Joan Hamburg has been part of the WOR, 710 AM, family in New York since the early 1970s. She grew up on Long Island and attended Barnard College before beginning her advertising career. Hamburg started her radio broadcasting with small consumer segments on the "Rambling with Gambling" morning show. It wasn't long before Hamburg got her very own show. Joan can be heard on WOR weekdays noon to 2pm with topics including the day's news, food, restaurant features, and celebrity interviews. In November of 2012, Joan was inducted into the NYSE Broadcast Hall of Fame.
Senior Executive Producer of The Joan Hamburg Show:
Natalie Batos Vacca has been with WOR radio since 1997. For nine years, she was the Producer of WOR’s Morning Show. In March 2006, Natalie was promoted to Senior Producer at WOR and Producer of The Joan Hamburg Show. She has received several prestigious awards for her work including the New York Press Club Byline Award for Best Spot News coverage for the Swiss Air Flight 111 crash, best Station Event for their live St. Patrick’s Day show from the New York State Broadcasters Association and was part of the WOR News award for "Best Spot News Coverage" of the events of September 11 from the New York State Broadcaster's Association. Prior to WOR, she was the producer for several nationally-syndicated programs, including the legendary Barry Farber and Alan Colmes. Natalie grew up in Staten Island, New York, and graduated from Seton Hall University, where she majored in Broadcast Communications. She currently lives in New Jersey with her husband Chris and their two children.
We'll be chatting about this controversial write-up from a Princeton Mom on today's show -- tune in at noon and tell us what you think! 1-800-321-8828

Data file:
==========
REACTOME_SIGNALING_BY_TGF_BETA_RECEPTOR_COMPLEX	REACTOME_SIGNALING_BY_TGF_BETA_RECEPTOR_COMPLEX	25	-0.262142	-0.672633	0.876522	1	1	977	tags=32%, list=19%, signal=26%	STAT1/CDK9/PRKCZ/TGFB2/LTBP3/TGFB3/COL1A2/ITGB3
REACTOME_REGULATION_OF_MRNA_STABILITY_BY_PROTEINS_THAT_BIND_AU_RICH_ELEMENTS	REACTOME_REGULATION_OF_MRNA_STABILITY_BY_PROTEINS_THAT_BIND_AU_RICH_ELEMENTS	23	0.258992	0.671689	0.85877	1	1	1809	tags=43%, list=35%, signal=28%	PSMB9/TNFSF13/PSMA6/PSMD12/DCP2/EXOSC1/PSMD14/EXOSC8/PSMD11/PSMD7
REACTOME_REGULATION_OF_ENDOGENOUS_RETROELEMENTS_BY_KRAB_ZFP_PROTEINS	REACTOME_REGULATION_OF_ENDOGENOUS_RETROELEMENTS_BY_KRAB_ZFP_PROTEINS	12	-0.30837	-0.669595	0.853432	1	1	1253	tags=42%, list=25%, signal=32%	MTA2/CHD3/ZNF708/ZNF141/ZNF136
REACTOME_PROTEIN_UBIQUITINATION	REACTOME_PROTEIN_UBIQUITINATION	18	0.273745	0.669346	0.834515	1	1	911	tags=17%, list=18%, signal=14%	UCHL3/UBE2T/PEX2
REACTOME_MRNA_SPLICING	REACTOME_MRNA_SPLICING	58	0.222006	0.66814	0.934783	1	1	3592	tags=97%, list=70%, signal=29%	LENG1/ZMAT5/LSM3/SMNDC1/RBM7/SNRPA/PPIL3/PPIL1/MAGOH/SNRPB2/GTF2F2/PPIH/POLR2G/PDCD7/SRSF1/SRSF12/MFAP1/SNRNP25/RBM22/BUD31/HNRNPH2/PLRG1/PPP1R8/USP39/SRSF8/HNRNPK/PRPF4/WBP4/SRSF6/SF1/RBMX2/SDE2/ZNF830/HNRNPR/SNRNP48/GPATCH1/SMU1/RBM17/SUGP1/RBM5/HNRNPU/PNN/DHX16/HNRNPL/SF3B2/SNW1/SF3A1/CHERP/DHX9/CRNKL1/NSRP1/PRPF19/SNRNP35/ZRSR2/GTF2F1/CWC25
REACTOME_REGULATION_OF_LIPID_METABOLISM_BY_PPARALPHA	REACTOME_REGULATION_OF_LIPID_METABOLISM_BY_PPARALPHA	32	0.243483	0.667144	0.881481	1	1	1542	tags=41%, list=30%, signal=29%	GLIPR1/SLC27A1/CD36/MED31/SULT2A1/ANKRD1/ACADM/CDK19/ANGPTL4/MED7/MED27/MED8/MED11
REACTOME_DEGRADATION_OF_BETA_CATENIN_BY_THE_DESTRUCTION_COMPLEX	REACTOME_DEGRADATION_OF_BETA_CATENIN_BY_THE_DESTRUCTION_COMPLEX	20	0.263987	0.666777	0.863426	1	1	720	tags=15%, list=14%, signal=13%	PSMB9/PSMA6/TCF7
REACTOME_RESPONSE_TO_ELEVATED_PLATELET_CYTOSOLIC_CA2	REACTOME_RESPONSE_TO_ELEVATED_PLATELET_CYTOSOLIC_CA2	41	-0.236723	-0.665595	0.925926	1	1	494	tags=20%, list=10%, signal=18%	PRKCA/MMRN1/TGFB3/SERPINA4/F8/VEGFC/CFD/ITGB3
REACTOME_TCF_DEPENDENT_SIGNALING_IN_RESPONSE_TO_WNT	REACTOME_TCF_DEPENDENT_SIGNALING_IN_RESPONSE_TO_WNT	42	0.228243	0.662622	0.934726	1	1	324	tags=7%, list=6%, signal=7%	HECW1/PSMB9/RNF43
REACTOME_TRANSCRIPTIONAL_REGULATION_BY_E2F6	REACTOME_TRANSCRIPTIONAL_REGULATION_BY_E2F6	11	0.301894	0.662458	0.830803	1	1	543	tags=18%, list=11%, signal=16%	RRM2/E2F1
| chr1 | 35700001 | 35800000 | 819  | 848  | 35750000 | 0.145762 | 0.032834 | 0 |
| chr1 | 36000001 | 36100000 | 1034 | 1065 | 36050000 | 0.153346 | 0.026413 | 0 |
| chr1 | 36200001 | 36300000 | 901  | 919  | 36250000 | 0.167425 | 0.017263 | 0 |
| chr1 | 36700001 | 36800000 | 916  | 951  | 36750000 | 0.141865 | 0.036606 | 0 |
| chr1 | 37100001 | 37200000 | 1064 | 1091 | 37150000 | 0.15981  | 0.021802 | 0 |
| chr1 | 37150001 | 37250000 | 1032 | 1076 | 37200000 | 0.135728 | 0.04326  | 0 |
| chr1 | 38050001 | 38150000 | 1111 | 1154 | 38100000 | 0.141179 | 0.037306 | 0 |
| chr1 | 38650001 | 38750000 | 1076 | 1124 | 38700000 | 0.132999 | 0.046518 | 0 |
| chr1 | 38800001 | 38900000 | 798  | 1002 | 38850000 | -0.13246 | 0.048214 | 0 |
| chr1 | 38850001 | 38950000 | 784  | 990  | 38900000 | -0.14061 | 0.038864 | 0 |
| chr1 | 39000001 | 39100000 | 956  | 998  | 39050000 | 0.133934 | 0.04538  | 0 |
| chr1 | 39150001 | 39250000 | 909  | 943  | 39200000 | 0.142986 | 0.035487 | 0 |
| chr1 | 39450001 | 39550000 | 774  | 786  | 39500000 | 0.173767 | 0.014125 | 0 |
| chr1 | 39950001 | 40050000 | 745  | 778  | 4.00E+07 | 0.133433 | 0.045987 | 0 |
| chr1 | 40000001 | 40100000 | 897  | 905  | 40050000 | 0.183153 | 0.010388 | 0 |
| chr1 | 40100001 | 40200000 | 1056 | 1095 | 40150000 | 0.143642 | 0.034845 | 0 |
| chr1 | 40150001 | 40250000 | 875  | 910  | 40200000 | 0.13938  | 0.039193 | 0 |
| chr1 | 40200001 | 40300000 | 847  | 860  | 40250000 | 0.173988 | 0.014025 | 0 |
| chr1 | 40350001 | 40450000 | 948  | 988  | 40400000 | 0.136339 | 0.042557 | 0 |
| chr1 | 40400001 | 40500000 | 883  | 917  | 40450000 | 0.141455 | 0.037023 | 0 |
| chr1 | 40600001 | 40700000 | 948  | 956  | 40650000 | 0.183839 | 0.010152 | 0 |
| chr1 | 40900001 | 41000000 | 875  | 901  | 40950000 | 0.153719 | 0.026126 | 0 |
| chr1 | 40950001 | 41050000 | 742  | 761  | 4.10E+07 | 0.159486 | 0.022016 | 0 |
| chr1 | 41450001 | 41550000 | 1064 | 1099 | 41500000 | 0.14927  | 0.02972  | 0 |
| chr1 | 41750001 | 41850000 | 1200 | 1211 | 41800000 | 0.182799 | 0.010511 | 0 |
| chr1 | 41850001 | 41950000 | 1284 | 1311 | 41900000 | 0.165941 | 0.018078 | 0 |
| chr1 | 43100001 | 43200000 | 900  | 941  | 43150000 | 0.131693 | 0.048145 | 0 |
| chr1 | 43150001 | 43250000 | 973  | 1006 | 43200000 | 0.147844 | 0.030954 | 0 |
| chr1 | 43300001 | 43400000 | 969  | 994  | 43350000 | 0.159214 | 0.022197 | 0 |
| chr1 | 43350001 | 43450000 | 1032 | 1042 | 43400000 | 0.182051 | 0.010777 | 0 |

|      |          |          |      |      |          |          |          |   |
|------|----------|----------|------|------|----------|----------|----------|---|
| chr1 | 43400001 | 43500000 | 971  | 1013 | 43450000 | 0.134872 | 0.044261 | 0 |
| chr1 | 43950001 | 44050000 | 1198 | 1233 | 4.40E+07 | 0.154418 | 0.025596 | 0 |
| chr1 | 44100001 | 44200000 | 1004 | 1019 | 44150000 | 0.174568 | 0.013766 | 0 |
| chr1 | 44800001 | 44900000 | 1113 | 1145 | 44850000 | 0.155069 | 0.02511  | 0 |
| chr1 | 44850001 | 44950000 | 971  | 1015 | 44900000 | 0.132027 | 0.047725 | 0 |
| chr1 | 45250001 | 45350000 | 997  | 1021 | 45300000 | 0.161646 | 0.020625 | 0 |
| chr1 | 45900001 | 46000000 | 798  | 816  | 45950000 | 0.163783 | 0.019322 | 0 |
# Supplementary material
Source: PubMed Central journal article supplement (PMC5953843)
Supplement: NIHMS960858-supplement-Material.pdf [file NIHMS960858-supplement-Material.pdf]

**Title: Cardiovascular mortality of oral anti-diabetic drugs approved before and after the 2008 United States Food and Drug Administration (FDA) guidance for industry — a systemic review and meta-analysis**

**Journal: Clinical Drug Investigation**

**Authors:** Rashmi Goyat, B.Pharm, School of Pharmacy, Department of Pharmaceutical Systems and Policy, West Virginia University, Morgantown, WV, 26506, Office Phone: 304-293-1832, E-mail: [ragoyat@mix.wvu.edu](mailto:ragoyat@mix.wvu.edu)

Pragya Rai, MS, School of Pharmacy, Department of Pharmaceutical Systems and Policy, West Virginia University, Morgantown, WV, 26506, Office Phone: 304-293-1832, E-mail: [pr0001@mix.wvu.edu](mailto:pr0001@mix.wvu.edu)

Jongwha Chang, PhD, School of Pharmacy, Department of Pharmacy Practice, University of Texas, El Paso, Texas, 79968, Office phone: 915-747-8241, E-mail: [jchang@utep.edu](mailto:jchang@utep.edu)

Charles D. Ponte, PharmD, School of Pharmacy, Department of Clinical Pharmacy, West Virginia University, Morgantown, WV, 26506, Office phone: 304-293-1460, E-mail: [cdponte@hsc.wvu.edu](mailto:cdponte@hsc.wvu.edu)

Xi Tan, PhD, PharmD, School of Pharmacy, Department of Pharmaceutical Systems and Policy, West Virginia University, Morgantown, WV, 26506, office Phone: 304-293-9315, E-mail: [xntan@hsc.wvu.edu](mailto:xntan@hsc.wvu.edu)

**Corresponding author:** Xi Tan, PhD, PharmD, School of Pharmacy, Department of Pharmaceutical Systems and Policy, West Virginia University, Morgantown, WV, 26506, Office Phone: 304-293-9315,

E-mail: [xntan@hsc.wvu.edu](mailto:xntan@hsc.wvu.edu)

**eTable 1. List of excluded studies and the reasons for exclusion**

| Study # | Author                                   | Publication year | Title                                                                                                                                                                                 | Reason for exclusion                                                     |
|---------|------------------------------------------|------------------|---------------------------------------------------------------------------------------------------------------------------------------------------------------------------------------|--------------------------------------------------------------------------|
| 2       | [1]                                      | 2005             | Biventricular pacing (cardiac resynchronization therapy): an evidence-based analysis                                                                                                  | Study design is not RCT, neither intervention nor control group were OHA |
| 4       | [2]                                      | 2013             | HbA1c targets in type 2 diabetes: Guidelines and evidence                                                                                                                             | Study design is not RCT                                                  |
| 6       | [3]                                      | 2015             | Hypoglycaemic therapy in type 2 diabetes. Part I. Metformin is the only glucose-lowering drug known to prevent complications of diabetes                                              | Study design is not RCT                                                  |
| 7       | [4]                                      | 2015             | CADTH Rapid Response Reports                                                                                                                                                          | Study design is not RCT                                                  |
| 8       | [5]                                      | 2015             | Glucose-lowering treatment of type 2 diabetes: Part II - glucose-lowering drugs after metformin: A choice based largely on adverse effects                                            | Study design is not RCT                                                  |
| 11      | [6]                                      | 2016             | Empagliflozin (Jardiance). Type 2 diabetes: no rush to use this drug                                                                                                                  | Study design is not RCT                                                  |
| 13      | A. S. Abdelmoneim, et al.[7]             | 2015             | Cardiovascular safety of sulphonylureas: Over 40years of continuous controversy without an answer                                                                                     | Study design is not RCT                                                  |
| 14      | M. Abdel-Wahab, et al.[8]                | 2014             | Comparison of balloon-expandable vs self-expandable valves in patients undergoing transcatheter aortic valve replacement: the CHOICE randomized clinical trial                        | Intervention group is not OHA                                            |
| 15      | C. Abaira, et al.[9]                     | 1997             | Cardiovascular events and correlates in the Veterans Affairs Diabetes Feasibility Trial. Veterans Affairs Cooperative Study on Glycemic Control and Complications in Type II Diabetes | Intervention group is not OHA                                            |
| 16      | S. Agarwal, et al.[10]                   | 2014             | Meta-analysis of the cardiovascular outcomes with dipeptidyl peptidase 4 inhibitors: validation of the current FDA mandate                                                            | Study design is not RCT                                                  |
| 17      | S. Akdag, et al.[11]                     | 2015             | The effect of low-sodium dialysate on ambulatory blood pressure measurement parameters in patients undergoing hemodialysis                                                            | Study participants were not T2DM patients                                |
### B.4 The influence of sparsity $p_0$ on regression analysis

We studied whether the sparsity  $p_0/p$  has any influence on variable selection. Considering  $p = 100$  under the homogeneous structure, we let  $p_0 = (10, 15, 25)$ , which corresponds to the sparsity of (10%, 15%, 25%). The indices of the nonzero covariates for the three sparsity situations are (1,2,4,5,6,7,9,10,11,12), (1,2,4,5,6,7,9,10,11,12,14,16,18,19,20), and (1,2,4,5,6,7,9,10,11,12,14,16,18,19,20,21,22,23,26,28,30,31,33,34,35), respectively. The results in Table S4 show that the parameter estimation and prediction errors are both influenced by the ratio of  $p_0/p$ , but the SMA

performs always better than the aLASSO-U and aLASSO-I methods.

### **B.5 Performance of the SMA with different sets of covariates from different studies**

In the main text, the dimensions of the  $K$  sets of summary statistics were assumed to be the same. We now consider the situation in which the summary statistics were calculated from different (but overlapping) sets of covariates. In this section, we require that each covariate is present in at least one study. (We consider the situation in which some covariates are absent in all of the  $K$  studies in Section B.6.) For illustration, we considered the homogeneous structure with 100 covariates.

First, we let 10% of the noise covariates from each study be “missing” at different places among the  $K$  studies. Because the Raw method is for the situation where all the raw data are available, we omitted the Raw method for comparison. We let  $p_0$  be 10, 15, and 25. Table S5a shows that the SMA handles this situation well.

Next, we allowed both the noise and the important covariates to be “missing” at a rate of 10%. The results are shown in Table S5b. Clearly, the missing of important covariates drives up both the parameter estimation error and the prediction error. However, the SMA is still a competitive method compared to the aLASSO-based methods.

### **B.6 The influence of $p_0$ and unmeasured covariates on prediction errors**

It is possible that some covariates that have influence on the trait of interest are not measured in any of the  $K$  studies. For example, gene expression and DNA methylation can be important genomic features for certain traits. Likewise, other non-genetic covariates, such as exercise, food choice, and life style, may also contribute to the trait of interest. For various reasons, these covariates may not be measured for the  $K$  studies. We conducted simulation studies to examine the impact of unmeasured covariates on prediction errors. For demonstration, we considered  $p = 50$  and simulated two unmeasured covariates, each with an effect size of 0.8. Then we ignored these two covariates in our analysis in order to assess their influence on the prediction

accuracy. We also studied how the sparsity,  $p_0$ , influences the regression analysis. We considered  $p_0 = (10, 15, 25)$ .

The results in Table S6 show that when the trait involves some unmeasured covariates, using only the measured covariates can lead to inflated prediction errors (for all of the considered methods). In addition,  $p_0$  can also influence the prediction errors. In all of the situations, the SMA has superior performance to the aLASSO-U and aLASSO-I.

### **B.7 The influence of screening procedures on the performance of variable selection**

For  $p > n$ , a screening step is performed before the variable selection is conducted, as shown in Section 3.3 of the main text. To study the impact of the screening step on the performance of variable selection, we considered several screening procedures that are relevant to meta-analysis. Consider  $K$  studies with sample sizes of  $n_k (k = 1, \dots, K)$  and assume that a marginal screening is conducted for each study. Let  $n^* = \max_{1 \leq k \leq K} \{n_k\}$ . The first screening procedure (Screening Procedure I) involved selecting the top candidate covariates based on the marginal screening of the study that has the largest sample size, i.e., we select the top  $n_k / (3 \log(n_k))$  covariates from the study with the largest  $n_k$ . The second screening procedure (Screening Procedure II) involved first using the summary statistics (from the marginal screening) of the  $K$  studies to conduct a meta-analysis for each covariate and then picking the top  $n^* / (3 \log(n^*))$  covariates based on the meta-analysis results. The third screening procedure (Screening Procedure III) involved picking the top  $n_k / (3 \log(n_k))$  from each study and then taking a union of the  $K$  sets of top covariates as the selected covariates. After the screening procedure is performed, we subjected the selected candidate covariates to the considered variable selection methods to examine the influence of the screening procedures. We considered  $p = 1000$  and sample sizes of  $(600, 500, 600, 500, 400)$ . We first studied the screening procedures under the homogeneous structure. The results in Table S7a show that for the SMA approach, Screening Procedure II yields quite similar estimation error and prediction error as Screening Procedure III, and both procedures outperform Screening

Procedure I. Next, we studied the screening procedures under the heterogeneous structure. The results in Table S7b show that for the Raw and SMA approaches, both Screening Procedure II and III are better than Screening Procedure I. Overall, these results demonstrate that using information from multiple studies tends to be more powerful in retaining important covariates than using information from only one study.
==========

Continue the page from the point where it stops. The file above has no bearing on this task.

The letter printed in Friday’s Daily Princetonian to “the young women of Princeton: the daughters I never had” details not only why it’s important to find a man while still in the ivy league school but also how women should consider choosing their mate.
“For most of you, the cornerstone of your future and happiness will be inextricably linked to the man you marry, and you will never again have this concentration of men who are worthy of you,” Patton wrote in the guest op-ed. “Here’s what nobody is telling you: Find a husband on campus before you graduate. Yes, I went there.”
As a mother of two Princeton boys herself, Patton writes her elder son married a woman from the university. Her younger son is a junior at the school. For both the men, she writes, they could marry anyone. But this isn’t the case for women. Here’s what she means by this:
Men regularly marry women who are younger, less intelligent, less educated. It’s amazing how forgiving men can be about a woman’s lack of erudition, if she is exceptionally pretty. Smart women can’t (shouldn’t) marry men who aren’t at least their intellectual equal. As Princeton women, we have almost priced ourselves out of the market. Simply put, there is a very limited population of men who are as smart or smarter than we are. And I say again — you will never again be surrounded by this concentration of men who are worthy of you.